Association for Computing Machinery
Welcome to the October 15, 2010 edition of ACM TechNews, providing timely information for IT professionals three times a week.

HEADLINES AT A GLANCE


Tech Hiring Up Almost 50 Percent Since 2009, Dice Says
InfoWorld (10/14/10) Jon Brodkin

A recent Dice report found that the number of full-time U.S. technology jobs has increased 46 percent since last year, while contractors' hourly rates are rising. The total number of tech jobs rose from 51,439 to 70,798 in the last 12 months, with more than 4,000 additional jobs expected to be added by the end of the year, according to Dice. "In tech, both full-time and contract hiring have been in lock-step with recruitment activity in both up about 50 percent since the lows of mid-2009," says Dice's Tom Silver. Silicon Valley companies posted their highest job count in two years, according to Dice, while the number of open tech positions in the Seattle region has doubled in the past year. Dice is "hearing anecdotal reports that contractors' hourly rates have begun creeping up across the board, a response to the age-old IT challenge: the skills shortage," Silver says. Java developers, database administrators, virtualization specialists, and project managers are among the most in demand information technology positions.


India Greenlights Secure OS Project
EE Times India (10/14/10) K.C. Krishnadas

India announced plans to develop its own operating system (OS) for sensitive applications. V.K. Saraswat, director general of India's Defense Research and Development Organization (DRDO), says the development and maintenance of India's own OS source code is key to securing the country's computer networks. DRDO plans to establish software engineering centers in Bangalore and New Delhi, each staffed with about 25 scientists, to work on the project. The agency is partnering with the Indian Institute of Science, the Indian Institute of Technology Madras, and the Center for Development of Telematics on the OS development project. The project could be "a fairly costly affair," according to Saraswat, who did not indicate how long development would take. However, he says the OS also could be used commercially.


Malware Aimed at Social Networks May Steal Your Reality
PC World (10/13/10) Darlene Storm

Researchers at Ben Gurion University, the Massachusetts Institute of Technology, and Deutsche Telekom Laboratories collaborated on "Stealing Reality," a paper that predicts a new generation of malware based on social-networking data. The researchers say the malware will target and extract information about relationships and record patterns of behavior in real-world social networks, a technique that will be more dangerous and harder to detect than traditional malware. A malware behavioral pattern attack can harvest a victim's "rich identity" profile, which could be more valuable than the demographic information such as gender and age, according to the researchers. "A Stealing Reality type of malware attack, which is targeted at learning the social communication patterns, could 'piggyback' on the user-generated messages, or imitate their natural patterns, thus not drawing attention to itself while still achieving its target goals," the researchers write. Such attacks could be particularly problematic because "the victim of a 'behavioral pattern' theft cannot easily change his or her behavior and life patterns."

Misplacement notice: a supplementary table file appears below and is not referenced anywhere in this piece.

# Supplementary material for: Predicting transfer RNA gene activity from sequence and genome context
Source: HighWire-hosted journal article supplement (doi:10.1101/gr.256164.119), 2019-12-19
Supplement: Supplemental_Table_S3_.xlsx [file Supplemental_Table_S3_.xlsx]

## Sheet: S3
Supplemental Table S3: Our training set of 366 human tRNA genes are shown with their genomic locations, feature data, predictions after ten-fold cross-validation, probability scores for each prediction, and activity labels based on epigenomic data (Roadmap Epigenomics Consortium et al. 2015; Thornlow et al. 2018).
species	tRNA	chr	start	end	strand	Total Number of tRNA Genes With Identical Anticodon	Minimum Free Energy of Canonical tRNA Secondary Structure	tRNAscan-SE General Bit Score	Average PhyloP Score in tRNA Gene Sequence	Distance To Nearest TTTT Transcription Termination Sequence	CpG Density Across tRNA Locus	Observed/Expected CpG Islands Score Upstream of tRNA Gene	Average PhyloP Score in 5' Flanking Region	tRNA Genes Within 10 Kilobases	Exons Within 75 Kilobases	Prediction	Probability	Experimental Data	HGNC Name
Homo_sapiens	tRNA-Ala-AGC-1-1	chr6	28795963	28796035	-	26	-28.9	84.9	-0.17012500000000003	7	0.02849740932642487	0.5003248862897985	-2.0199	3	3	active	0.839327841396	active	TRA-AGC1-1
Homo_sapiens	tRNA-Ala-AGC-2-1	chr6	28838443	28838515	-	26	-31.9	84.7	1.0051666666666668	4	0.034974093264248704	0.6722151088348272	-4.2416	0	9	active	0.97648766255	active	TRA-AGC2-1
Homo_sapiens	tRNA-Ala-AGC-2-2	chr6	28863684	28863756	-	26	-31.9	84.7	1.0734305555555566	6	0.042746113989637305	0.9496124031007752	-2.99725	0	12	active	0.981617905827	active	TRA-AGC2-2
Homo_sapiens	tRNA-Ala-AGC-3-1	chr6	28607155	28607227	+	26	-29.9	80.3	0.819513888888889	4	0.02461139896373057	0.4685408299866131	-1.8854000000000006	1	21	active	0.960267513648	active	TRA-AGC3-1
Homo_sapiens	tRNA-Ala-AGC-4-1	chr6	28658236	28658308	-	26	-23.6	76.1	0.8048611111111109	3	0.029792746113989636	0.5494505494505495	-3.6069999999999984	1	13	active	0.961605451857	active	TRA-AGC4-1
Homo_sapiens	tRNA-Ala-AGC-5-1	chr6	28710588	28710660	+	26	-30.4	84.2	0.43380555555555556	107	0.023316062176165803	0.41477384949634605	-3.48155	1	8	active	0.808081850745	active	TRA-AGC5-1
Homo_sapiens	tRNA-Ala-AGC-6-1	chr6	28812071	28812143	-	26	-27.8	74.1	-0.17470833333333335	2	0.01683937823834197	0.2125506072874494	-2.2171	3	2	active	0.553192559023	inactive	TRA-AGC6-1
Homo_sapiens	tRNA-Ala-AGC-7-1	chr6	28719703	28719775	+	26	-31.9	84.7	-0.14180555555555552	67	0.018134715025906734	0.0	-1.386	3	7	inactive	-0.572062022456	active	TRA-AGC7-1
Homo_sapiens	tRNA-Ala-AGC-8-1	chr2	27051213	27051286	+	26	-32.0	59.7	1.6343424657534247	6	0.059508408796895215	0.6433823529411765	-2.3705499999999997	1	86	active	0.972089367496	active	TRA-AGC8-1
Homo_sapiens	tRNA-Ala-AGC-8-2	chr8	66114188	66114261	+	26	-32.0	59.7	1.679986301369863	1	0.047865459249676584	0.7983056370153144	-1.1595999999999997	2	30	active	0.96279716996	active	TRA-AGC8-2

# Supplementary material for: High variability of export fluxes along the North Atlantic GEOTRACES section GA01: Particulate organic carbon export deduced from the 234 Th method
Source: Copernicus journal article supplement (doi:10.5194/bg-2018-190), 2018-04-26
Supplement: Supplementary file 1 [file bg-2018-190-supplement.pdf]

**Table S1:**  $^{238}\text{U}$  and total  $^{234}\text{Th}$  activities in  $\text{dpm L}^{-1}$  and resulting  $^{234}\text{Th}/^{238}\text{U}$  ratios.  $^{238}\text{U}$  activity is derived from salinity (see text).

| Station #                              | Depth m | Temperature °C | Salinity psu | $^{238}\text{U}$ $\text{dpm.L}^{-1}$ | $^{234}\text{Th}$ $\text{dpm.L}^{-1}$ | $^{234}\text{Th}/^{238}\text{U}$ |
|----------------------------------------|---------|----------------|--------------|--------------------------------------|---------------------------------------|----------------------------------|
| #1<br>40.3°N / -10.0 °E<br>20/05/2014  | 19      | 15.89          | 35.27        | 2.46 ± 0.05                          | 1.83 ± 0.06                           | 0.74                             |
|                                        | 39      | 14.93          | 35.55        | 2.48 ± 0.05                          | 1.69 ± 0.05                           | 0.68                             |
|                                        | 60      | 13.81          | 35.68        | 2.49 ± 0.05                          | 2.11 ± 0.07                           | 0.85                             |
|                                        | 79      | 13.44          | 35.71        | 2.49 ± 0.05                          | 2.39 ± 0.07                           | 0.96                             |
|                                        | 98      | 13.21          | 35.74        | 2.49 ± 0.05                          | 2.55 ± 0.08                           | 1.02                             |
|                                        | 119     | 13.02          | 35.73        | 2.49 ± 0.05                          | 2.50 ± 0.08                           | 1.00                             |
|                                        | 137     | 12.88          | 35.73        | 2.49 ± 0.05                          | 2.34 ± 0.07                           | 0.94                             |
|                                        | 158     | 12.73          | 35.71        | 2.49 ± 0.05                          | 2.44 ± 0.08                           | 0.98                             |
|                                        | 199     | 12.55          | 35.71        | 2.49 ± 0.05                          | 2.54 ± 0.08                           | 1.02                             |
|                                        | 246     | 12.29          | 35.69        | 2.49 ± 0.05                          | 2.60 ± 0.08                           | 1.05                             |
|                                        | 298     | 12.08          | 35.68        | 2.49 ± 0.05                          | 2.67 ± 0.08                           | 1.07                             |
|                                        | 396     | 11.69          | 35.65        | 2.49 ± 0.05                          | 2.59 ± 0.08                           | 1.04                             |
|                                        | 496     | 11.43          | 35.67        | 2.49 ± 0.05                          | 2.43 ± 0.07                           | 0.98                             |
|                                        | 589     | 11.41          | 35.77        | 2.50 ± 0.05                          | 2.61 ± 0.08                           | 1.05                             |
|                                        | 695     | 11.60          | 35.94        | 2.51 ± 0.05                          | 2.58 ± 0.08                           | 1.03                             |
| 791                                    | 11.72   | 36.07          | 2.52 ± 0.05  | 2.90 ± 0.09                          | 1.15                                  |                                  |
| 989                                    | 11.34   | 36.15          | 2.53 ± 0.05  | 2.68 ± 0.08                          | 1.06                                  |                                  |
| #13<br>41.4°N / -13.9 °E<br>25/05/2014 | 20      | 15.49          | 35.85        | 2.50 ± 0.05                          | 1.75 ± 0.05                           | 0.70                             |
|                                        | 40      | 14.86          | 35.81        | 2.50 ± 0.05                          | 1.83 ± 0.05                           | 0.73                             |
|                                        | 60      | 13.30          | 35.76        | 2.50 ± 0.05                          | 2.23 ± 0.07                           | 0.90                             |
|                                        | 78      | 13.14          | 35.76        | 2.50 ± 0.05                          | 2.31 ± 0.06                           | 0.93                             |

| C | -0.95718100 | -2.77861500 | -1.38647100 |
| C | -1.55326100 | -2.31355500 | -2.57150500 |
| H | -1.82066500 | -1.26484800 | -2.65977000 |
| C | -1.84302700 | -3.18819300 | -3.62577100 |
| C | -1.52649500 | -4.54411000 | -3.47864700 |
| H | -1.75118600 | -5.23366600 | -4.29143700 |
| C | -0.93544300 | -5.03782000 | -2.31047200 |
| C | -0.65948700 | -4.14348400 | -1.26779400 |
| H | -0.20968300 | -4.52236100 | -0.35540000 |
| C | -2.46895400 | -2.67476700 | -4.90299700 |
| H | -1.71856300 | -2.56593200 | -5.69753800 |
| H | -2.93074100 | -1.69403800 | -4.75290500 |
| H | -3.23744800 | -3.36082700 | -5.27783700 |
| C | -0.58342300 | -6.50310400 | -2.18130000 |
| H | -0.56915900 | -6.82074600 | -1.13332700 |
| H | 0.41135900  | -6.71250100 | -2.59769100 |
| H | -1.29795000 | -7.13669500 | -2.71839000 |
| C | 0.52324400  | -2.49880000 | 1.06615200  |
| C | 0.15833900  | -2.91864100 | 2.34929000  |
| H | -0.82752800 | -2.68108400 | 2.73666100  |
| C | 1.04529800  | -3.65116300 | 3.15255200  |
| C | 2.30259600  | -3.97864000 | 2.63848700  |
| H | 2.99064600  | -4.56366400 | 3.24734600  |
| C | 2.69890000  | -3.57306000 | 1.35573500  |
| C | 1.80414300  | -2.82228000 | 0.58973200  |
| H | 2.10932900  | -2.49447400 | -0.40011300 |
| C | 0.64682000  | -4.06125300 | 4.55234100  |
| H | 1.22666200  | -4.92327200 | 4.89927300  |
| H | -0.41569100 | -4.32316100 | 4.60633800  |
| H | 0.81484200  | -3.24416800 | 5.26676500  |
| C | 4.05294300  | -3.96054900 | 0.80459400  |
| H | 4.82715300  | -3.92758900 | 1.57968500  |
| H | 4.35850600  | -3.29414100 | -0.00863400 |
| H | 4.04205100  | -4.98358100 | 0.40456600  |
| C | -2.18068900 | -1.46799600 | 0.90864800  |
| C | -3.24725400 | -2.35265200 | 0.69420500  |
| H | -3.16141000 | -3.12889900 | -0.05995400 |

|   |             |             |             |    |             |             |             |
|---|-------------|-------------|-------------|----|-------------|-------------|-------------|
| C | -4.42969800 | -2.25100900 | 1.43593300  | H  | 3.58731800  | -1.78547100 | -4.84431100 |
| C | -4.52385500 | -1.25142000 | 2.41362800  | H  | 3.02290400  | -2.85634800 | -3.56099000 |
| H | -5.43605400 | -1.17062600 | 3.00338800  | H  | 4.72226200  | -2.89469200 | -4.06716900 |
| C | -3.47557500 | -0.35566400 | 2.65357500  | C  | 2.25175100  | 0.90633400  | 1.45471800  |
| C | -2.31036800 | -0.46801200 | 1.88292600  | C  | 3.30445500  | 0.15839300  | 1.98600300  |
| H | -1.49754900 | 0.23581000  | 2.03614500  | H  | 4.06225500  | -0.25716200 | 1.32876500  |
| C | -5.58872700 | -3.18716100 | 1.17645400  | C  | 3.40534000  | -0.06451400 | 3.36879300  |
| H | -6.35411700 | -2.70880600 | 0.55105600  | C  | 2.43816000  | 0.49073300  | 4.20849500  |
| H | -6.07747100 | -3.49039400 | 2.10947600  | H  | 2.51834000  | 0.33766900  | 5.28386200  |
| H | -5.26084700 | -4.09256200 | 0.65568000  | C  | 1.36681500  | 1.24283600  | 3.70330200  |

DARPA Seeks to Shape Young Minds
Government Computer News (10/12/10) Henry Kenyon

The U.S. Defense Advanced Research Projects Agency has launched an initiative to increase the number of computer science (CS) graduates by using a variety of online tools and educational strategies to guide interested middle and high school students into CS careers. The computer science, science, technology, engineering, and mathematics (CS-STEM) program's goal is to expand the talent pool of applicants available for jobs to support secure Department of Defense networks and to facilitate new computer science developments. The CS-STEM project focuses on a distributed online community, an online robotics academy, and an extracurricular online community for students. The first section, called Teach Ourselves, was developed by the University of Arizona and is intended to introduce students to the knowledge economy. The second part of the program is Carnegie Mellon University's Fostering Innovation through Robotics Exploration (FIRE) online robotics academy. FIRE enables students to hone their problem-solving skills using robotics technology. The final part of CS-STEM is an extracurricular online community for middle and high school students that will feature collaborative activities, puzzles, games, Webisodes, workshops, and other content aimed at attracting students to the site on a daily basis.


New Image-Manipulation Software Makes Morphing Quicker
PhysOrg.com (10/13/10) Lin Edwards